A Continuing Education in Drawing Up Contracts

iStock_000004854876_ExtraSmallThings I Am Good At:

Writing about sex.

Banging out listicles.

Line editing.

Connecting with other writers and editors.

Making lemon pound cake.

Singing in the shower.

Mimicking the sounds my cats make.

Things I Am Not Good At:

Covering my ass when I draw up and/or sign a contract.

I’ve been a full-time freelancer for about five and a half years now, yet with every new client I take on, I learn of yet another new clause I should have included in our contract.

For example, in drawing up a description of the project scope, I’ve learned to include hard-and-fast dates for when things are due — on both ends. I’ve learned to ask for a portion of my project fee up-front, and also to lay out a payment plan that gets me moolah at different stages of a project. I’ve learned to start including mention of a late fee in my contract… and to also reiterate this on my invoices (because invoices often go through an accounting department that may not be familiar with all the terms of the initial contract). I’ve learned to add in wording that wards off scope creep without an addendum to the original contract. I’ve learned to include a section that allows either myself or my client to terminate the contract if the other side doesn’t deliver (and, in one case, was relieved to be able to use it).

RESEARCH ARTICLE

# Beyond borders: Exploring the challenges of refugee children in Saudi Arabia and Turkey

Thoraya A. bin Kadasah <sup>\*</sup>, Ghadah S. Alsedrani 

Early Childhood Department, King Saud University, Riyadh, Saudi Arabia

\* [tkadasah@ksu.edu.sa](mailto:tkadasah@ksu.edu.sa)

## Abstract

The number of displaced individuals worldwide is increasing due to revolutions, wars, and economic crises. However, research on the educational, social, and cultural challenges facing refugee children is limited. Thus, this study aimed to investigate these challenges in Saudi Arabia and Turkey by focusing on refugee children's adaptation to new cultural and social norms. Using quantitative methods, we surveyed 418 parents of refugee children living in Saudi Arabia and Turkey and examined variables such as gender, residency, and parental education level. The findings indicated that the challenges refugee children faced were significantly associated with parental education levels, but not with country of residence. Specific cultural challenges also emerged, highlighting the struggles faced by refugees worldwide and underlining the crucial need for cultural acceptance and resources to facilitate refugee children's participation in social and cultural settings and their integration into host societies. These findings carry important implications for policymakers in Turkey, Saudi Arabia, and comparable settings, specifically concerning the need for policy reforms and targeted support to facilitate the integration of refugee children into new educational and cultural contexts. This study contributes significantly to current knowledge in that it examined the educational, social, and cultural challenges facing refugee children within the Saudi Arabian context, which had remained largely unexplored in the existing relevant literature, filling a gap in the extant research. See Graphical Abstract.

In fact, I thought I’d covered everything I possibly could until this past week, when a delinquent client tried to convince me that he shouldn’t have to pay me the full fee we’d agreed upon.

I’ll spare you all of the nasty / shady details but, basically, because of a single day in which I’d lost power during the whole Hurricane Sandy fiasco, this client was insisting that I didn’t deserve my full fee.

When I ranted about the situation to my closest word nerd posse, I learned about force majeure, a contact clause one can include to say that both parties won’t be liable if an event beyond their control — such as an effing hurricane — makes it impossible for them to fulfill an obligation. “I just read about it in The Freelancer’s Bible,” said Susan, ever the voice of wisdom and reason.

I’d just received my own review copy of the book the week before, and this spurred me to finally dig in. I paid particular attention to the section on contracts, which laid out every damn thing one should include in one (I’m tempted to rip these pages out and hang them above my desk), and then gave tips on how to resolve disputes. As I pored over these pages, I swear I heard a chorus of angels harmonizing from up above.

It blows my mind that — no matter how many freelance how-tos pop up in the marketplace, I always learn something

new. Things are no different with The Freelancer’s Bible, written by Freelancers Union founder Sara Horowitz. And though I appreciate the title — which hints at a comprehensiveness unseen in other books of its kind — I’d go so far as to say that Bible isn’t the best choice of wording. Rather, I see it as a toolbox. One with levels.